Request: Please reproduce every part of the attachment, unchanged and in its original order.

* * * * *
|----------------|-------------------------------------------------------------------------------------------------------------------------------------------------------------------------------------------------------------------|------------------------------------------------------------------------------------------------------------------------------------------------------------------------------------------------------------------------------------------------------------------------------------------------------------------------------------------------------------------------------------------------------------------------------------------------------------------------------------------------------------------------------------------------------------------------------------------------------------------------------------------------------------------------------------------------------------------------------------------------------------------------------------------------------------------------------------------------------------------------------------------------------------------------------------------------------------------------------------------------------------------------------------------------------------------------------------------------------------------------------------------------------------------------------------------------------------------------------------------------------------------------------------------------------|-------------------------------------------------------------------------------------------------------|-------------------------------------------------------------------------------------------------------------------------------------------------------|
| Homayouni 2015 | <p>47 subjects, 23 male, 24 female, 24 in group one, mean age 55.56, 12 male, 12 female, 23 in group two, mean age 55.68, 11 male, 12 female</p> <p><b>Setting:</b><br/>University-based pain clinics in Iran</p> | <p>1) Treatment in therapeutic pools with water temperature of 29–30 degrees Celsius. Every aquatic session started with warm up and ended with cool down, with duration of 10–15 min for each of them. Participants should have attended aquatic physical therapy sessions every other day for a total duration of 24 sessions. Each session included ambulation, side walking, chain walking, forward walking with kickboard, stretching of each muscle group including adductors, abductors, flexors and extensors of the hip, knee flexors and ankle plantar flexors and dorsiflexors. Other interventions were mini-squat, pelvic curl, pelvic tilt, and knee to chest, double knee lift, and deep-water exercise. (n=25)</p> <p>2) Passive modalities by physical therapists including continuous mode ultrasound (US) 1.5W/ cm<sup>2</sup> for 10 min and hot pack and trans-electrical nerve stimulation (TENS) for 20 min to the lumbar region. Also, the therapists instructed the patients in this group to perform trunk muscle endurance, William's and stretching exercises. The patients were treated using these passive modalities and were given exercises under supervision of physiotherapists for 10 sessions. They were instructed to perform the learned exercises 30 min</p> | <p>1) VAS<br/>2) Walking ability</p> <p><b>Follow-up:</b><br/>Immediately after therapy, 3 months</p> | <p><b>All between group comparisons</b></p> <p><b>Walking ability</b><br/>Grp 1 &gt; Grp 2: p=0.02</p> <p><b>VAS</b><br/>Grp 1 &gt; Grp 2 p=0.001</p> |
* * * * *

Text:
|----------------|-------------------------------------------------------------------------------------------------------------------------------------------------------------------------------------------------------------------|------------------------------------------------------------------------------------------------------------------------------------------------------------------------------------------------------------------------------------------------------------------------------------------------------------------------------------------------------------------------------------------------------------------------------------------------------------------------------------------------------------------------------------------------------------------------------------------------------------------------------------------------------------------------------------------------------------------------------------------------------------------------------------------------------------------------------------------------------------------------------------------------------------------------------------------------------------------------------------------------------------------------------------------------------------------------------------------------------------------------------------------------------------------------------------------------------------------------------------------------------------------------------------------------------|-------------------------------------------------------------------------------------------------------|-------------------------------------------------------------------------------------------------------------------------------------------------------|
| Homayouni 2015 | <p>47 subjects, 23 male, 24 female, 24 in group one, mean age 55.56, 12 male, 12 female, 23 in group two, mean age 55.68, 11 male, 12 female</p> <p><b>Setting:</b><br/>University-based pain clinics in Iran</p> | <p>1) Treatment in therapeutic pools with water temperature of 29–30 degrees Celsius. Every aquatic session started with warm up and ended with cool down, with duration of 10–15 min for each of them. Participants should have attended aquatic physical therapy sessions every other day for a total duration of 24 sessions. Each session included ambulation, side walking, chain walking, forward walking with kickboard, stretching of each muscle group including adductors, abductors, flexors and extensors of the hip, knee flexors and ankle plantar flexors and dorsiflexors. Other interventions were mini-squat, pelvic curl, pelvic tilt, and knee to chest, double knee lift, and deep-water exercise. (n=25)</p> <p>2) Passive modalities by physical therapists including continuous mode ultrasound (US) 1.5W/ cm<sup>2</sup> for 10 min and hot pack and trans-electrical nerve stimulation (TENS) for 20 min to the lumbar region. Also, the therapists instructed the patients in this group to perform trunk muscle endurance, William's and stretching exercises. The patients were treated using these passive modalities and were given exercises under supervision of physiotherapists for 10 sessions. They were instructed to perform the learned exercises 30 min</p> | <p>1) VAS<br/>2) Walking ability</p> <p><b>Follow-up:</b><br/>Immediately after therapy, 3 months</p> | <p><b>All between group comparisons</b></p> <p><b>Walking ability</b><br/>Grp 1 &gt; Grp 2: p=0.02</p> <p><b>VAS</b><br/>Grp 1 &gt; Grp 2 p=0.001</p> |